Food & Wine
What completes the South African Braai?
Americans do it in style with their state-of-the-art gas barbeques; the Australians, on the other hand, like to throw some ‘shrimp on the barbie’ but we South Africans know how to make the perfect braai.
What is a South African braai without its best supporting acts, first up the braai broodjie. This South African braai staple is usually served on white or brown bread; spread with lashings of butter on the outside, and filled with thick, juicy slices of tomato, onion and cheese on the inside.
On September 24, we celebrate Heritage Day, which has also become a popular day to invite a few friends over to have a braai (National Braai Day) and cook up some meat and wors.
No South African braai is complete without the original South African toasties, otherwise known as “braai broodjies”.
The standard braai broodjie recipe is as follows:
Butter the bread, place lots of grated cheese on the bread, sliced onions, sliced tomatoes, salt, pepper and be sure to braai slowly. For those looking for a gourmet version, renowned Durban caterers Blue Strawberry has some gourmet variations for you to try.
- Brie and fig Jam – add preserved fig and some crushed nuts for texture
- Chip ‘n Cheese -slap chips, curry gravy and oozy cheese
- S’more Variation – Nuttella, sliced banana and marshmallows
- Peanut Butter and Bacon – crunchy peanut butter in lashings with crisp bacon and some salted peanuts for crunch
- Black Mushroom and Haloumi – sliced and fried black mushrooms well drained with sliced haloumi and a little mozzarella for the stretch
- Croque Monsieur – good quality ham, Dijon mustard, emmentale cheese and a lathering of béchamel sauce
- Bacon with a bite – crisp bacon, tomato sambal- tomato, onion and chilli diced with a dash of vinegar, cheddar and mozzarella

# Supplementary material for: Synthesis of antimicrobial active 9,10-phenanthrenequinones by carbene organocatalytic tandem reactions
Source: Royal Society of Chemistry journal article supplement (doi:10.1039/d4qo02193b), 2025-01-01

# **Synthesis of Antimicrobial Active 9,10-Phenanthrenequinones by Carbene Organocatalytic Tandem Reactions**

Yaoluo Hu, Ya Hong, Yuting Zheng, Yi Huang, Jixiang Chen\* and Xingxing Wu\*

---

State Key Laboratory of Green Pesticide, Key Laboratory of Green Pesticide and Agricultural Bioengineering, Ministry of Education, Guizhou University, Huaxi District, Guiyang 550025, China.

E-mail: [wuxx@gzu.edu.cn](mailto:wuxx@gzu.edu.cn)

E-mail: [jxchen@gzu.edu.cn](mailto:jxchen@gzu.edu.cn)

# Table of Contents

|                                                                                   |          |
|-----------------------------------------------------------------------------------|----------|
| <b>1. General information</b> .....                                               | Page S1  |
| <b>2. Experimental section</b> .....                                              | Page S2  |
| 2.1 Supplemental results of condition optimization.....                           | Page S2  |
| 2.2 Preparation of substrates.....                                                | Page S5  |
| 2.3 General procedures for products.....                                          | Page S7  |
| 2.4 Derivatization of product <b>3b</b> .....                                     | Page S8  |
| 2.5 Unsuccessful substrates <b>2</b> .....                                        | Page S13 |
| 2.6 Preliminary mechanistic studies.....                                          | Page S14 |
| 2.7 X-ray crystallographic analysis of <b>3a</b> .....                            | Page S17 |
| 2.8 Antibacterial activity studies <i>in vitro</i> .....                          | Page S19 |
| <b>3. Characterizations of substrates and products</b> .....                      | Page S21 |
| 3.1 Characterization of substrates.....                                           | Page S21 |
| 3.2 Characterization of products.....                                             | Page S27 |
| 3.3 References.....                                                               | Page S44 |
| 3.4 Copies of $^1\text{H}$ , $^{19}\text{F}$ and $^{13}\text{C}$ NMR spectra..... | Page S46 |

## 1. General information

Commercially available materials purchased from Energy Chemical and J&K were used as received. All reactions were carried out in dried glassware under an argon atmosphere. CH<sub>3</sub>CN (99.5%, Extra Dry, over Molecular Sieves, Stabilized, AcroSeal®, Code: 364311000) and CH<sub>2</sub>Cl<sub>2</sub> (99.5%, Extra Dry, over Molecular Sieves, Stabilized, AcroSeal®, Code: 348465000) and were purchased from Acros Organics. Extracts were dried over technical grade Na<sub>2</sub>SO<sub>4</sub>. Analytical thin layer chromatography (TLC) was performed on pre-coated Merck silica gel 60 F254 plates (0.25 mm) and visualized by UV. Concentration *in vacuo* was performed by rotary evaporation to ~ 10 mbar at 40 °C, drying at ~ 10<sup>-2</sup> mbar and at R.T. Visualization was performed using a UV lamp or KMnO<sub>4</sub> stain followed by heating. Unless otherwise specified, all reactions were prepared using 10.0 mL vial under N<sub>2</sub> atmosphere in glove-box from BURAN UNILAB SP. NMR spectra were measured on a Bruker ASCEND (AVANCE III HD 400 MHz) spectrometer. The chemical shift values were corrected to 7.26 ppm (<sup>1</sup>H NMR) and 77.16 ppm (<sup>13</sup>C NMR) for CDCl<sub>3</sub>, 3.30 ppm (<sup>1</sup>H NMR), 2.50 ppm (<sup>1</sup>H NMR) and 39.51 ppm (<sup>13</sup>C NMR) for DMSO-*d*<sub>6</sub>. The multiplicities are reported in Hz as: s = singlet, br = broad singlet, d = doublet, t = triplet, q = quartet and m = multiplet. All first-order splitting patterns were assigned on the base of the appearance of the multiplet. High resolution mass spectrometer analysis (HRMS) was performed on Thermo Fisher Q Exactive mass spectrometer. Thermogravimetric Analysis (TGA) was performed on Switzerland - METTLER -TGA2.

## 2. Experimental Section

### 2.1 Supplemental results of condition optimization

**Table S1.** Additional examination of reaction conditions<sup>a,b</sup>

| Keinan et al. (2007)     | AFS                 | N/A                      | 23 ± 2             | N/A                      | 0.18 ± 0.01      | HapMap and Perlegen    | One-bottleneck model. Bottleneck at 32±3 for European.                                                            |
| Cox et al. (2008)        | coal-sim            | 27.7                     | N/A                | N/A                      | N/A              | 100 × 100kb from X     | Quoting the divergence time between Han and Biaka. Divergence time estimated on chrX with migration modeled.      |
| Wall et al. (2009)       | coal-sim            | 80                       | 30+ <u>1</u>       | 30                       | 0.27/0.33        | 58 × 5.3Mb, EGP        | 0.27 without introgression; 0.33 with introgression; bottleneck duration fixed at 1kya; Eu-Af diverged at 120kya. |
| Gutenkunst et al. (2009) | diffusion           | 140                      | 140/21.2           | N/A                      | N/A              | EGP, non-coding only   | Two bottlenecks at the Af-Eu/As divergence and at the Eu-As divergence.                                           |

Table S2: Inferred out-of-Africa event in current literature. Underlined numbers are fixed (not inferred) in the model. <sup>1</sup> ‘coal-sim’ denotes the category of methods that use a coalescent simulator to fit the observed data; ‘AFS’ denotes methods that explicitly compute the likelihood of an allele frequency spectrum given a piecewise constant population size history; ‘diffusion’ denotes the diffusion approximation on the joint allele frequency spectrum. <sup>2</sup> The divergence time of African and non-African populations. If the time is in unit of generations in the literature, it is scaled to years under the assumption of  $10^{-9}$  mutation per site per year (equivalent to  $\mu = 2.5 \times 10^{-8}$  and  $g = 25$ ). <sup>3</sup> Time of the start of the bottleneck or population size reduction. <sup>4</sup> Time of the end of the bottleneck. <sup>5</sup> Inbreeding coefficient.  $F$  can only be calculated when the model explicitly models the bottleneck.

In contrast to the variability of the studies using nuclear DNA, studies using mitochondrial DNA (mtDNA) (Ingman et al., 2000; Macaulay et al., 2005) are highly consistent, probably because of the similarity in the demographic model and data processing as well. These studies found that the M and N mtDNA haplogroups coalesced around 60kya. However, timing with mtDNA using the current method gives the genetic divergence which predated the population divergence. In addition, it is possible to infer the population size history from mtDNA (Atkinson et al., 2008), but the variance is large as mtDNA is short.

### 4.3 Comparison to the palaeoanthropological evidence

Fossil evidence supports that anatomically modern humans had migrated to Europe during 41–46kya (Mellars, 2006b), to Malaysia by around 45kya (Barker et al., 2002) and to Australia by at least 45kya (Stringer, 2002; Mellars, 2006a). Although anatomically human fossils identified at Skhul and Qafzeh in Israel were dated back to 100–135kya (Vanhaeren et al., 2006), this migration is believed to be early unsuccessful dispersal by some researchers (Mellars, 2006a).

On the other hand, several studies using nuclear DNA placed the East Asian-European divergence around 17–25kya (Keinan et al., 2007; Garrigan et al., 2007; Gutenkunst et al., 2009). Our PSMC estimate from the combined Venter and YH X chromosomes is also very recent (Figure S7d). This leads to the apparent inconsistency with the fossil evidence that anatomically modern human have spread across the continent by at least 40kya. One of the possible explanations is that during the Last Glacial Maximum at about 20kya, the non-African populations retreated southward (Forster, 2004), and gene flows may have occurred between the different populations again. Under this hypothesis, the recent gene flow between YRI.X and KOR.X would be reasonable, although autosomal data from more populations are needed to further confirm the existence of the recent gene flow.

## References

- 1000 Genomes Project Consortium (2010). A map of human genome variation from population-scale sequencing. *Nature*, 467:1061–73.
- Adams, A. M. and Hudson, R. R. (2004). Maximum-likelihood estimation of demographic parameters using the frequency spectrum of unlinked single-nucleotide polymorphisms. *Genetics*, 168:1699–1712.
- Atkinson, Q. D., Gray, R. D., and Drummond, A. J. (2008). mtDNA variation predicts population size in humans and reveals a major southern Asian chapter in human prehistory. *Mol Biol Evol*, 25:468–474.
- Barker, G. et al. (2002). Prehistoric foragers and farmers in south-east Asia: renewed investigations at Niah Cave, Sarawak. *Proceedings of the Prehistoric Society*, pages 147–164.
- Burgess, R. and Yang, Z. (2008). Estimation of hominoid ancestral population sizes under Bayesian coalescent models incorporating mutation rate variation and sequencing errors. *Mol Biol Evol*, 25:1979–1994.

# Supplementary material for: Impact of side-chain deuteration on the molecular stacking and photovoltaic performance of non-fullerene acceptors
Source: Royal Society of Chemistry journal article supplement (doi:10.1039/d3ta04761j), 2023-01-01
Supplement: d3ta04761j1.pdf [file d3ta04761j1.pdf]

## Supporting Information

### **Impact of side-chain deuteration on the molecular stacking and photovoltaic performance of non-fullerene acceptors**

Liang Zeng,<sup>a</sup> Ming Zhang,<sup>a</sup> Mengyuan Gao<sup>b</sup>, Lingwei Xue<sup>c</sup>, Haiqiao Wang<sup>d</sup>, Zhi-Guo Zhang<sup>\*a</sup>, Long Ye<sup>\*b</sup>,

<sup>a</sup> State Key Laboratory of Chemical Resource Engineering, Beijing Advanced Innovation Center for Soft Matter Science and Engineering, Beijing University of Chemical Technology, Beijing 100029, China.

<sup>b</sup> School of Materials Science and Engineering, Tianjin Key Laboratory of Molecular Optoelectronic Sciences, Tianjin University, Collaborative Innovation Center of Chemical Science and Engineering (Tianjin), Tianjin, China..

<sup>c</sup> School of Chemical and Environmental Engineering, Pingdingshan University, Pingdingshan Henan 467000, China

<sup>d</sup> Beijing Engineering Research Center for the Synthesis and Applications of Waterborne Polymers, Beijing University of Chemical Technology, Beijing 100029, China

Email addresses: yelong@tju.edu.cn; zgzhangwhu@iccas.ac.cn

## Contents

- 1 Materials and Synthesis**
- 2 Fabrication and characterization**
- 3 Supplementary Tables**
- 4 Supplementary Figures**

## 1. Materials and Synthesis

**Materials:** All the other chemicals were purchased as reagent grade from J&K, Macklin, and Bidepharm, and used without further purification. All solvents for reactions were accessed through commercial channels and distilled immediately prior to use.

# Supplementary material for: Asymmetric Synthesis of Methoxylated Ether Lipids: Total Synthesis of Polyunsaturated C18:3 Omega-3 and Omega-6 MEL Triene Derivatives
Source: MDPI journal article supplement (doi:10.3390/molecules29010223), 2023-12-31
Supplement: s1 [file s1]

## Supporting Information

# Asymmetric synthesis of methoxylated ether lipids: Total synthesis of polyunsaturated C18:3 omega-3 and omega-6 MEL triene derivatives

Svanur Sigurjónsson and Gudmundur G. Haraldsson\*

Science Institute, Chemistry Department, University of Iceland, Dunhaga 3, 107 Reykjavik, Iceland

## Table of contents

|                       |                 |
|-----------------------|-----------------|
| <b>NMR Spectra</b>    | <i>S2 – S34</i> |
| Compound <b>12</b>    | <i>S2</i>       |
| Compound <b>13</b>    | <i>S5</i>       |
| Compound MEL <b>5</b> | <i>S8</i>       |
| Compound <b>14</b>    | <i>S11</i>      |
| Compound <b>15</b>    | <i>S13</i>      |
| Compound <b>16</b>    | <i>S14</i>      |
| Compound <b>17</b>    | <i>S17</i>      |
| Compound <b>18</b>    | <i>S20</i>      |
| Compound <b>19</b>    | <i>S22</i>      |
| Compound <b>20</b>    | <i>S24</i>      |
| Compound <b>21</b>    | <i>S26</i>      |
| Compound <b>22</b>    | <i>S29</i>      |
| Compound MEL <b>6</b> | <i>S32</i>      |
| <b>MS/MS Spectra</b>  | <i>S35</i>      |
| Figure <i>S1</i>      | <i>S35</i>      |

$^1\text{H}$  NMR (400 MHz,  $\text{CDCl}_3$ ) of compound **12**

- Cheese and sweet chilli – combine three cheeses and a good splash of sweet chilli with chopped coriander
Another side dish that isn’t given enough glory is pap – which is very popular at any braai, and also another traditional dish native to SA. The word pap in Dutch translates to “porridge”. In KZN it’s also called phuthu in Zulu and ipapa in Xhosa. It’s easily cooked on a stove in a pot or over a fire and is best to cook in a black cast iron pot. This braai day maybe skip the potato salad and have this instead.
A gourmet slant on the standard pap and tomato gravy dish is this Creamy Cheesy Pap recipe dish supplied by Goodersons Drakensberg Gardens Golf and Spa Resort, Executive Chef Francis Hegarty:
Cook pap and set aside, chop 1 onion, packet of mushrooms and 250g bacon. Fry it all up in a pan and add clove of garlic and salt and pepper seasoning. Add a tub of 250ml cream to make a sauce, take the pap and put it in an oven dish, pour the sauce over the top and add lots of cheese, bake for 30 minutes. If you have a vegetarian in your midst then just replace the bacon with sautéed butternut or baby marrows. Voila. Easy peazy!!
So celebrate your heritage over a braai, with those you love, this September.